Prague, 2 April – On this day ten years ago (2 April 2009), the European Parliament adopted a resolution on “European Conscience and Totalitarianism”, which, besides other things, called for establishing the Platform of European Memory and Conscience to provide support for networking and cooperation among national research institutes specialising in the subject of totalitarian history, and for the creation of a pan-European documentation centre/memorial for the victims of all totalitarian regimes.
After several years of preparation, the Platform of European Memory and Conscience was solemnly founded during an accompanying event of the summit of the prime ministers of the Visegrad Group on 14 October 2011 in Prague. Twenty founding members from Bulgaria, the Czech Republic, Estonia, Germany, Hungary, Latvia, Lithuania, the Netherlands, Poland, Romania, Slovakia, Slovenia and Sweden were in the following years accompanied by new members, the overall number of which has reached 62 governmental and non-governmental organisations from all of Europe, Canada and the USA. In its brief history the Platform became the biggest supranational organisation in the field and proved to be an important actor in fulfilling the tasks which the resolution called for.
The Platform of European Memory and Conscience has organised a dozen international conferences, seminars and workshops regarding the 20th century totalitarian past, launched the successful international project “Justice 2.0”, introduced a new reader for high school students in Europe, launched a competition for a Pan-European Memorial to the victims of all totalitarian regimes in Brussels, and much more.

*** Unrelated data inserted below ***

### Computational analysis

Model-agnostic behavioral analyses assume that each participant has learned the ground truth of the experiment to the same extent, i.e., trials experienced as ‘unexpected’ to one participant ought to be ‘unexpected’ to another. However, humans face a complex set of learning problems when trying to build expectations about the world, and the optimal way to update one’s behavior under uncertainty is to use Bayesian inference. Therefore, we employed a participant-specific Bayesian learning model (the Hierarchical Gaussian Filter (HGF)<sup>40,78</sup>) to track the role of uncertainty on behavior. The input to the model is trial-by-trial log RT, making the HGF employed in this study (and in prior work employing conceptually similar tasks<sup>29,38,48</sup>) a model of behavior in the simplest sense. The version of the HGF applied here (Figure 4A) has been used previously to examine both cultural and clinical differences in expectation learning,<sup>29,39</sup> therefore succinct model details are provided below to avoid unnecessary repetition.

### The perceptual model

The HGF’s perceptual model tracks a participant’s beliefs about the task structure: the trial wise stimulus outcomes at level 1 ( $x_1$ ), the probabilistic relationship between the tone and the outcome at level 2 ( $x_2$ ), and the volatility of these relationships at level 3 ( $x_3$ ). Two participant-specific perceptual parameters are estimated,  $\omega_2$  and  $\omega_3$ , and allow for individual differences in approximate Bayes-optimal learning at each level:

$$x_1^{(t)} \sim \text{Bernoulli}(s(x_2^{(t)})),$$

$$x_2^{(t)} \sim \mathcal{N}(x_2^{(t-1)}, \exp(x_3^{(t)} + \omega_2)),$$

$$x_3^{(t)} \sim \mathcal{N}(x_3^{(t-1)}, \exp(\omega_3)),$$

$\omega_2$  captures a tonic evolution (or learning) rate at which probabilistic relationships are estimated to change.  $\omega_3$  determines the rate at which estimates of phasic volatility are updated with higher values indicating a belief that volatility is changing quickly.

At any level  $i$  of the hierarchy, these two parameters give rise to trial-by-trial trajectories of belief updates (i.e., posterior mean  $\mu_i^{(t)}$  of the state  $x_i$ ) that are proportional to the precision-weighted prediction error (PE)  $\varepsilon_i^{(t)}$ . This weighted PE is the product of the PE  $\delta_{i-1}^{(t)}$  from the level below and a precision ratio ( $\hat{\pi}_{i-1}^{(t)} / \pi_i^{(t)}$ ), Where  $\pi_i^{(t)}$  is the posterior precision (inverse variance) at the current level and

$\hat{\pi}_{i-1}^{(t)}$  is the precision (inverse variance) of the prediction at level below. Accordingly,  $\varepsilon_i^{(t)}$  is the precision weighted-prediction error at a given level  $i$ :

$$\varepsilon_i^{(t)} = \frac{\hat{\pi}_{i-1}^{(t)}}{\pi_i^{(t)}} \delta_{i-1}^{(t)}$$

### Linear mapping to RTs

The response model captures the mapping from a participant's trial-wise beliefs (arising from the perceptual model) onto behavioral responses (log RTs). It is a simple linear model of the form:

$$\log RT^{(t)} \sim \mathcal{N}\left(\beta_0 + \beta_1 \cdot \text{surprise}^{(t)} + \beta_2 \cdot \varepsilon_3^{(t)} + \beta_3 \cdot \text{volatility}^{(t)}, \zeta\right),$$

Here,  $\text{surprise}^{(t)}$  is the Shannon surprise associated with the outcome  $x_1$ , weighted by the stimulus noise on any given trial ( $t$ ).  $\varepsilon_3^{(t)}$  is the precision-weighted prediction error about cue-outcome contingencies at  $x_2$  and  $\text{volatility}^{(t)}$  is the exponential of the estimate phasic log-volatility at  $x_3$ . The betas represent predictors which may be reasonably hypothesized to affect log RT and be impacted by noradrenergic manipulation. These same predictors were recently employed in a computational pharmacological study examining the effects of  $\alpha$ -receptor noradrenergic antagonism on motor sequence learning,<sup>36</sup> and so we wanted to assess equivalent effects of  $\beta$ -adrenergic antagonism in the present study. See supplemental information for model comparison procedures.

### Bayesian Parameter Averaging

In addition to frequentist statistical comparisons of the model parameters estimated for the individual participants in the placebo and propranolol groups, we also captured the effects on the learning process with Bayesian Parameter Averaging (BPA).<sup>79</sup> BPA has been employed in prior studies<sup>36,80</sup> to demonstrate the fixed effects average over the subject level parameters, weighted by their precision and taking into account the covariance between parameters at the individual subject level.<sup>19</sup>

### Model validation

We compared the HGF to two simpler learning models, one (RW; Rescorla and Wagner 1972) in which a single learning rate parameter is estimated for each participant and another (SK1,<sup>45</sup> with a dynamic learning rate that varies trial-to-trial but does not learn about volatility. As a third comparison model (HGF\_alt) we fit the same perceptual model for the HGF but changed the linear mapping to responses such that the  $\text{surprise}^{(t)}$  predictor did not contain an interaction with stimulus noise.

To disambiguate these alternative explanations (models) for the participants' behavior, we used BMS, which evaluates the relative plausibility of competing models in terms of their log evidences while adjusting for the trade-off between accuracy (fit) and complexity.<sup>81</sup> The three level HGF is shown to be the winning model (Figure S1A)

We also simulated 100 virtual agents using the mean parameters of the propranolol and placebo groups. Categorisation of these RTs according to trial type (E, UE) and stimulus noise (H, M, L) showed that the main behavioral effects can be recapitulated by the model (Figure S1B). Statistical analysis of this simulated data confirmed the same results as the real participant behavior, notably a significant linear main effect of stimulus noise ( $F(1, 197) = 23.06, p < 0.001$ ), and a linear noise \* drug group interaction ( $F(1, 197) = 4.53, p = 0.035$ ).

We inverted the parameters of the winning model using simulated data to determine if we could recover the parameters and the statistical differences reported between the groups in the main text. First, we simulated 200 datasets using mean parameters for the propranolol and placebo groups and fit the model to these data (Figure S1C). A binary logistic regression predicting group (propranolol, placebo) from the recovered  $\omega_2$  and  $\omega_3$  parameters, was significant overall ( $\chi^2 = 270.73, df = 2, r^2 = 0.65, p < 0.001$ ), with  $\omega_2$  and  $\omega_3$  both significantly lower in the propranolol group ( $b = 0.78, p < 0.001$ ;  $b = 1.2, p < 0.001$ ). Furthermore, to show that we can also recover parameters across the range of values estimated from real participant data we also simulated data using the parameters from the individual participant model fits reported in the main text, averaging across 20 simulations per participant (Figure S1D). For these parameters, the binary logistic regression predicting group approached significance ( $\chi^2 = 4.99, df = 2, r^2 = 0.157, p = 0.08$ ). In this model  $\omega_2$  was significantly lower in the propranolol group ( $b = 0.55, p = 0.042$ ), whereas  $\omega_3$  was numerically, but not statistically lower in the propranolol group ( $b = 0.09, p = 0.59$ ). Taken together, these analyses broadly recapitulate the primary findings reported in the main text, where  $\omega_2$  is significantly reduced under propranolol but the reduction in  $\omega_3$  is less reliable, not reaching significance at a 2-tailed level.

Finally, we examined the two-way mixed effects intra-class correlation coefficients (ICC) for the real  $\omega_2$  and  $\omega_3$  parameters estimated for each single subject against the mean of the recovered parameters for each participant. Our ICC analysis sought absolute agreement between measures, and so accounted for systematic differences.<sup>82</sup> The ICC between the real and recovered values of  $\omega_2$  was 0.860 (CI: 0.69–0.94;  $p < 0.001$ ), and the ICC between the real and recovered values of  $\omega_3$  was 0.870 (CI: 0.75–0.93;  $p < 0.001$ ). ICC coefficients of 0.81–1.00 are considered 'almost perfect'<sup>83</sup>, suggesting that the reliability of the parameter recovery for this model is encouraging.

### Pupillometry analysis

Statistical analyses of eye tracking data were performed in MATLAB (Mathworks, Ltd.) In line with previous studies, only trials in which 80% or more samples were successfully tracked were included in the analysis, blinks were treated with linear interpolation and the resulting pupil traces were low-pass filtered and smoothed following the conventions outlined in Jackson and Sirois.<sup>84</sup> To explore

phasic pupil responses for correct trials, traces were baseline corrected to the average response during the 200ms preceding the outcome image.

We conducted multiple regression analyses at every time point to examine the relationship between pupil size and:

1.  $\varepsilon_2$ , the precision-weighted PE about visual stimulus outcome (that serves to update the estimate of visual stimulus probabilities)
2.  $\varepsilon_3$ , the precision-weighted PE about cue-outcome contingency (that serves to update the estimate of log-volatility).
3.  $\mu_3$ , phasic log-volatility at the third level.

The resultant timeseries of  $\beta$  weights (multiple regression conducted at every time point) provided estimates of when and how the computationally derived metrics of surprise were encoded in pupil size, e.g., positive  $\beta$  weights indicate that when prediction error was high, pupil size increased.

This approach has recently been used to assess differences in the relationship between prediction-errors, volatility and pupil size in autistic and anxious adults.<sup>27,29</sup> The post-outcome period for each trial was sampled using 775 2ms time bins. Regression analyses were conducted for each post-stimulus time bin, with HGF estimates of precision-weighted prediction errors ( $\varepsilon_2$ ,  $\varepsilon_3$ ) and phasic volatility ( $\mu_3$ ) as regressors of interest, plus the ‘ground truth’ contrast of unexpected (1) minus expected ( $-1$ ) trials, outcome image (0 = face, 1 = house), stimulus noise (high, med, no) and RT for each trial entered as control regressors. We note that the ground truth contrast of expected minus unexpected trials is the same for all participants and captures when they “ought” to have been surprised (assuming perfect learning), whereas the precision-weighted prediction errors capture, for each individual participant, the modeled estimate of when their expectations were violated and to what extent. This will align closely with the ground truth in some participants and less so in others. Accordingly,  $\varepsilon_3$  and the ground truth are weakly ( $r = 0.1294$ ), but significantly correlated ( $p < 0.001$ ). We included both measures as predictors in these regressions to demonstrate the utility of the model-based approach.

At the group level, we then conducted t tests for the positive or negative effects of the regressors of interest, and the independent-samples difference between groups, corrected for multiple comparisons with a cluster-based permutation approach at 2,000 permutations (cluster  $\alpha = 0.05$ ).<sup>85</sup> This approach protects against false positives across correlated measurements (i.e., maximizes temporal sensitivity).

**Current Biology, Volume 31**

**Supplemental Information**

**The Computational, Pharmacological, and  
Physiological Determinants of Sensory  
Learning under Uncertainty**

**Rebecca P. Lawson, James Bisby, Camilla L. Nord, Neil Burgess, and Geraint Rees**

This year, the European Union is commemorating the 80thanniversary of the outbreak of World War II and also the 30th anniversary of the collapse of the Communist regimes in Central and Eastern Europe and the fall of the Berlin Wall, which brought millions of people new hope for a better future and life in freedom. Today, countries from both sides of the former Iron Curtain form the European Union together. However, the European remembrance is still fragmented and the harsh experience of Communism is not widely recognised.
The Platform strongly believes in the values on which the European Union is built. Respect for human dignity, freedom, democracy, equality, the rule of law and respect for human rights are an elementary basis of its work. The professional experience and knowledge of all members allows the Platform to face dangerous re-emerging tendencies, threatening to undermine our freedom and democracy.
The Platform also recognises the European Parliament resolution from November 2016 to counteract anti-EU propaganda, and the need to raise awareness of the crimes of Communist regimes through public campaigns and educational systems and to conduct research and documentation activities in that field.
“After a decade, the European Parliament resolution from 2009 remains, in many aspects, unfulfilled. Our duty to the victims is to continue the work on commemorating the crimes of all totalitarian regimes and to honour all those who resisted them. Those efforts are focused on the past, but are crucial both to the present and future. Should we fail to preserve this painful part of European legacy, we would risk facing such atrocities again,” said dr Łukasz Kamiński, the president of the Platform of European Memory and Conscience.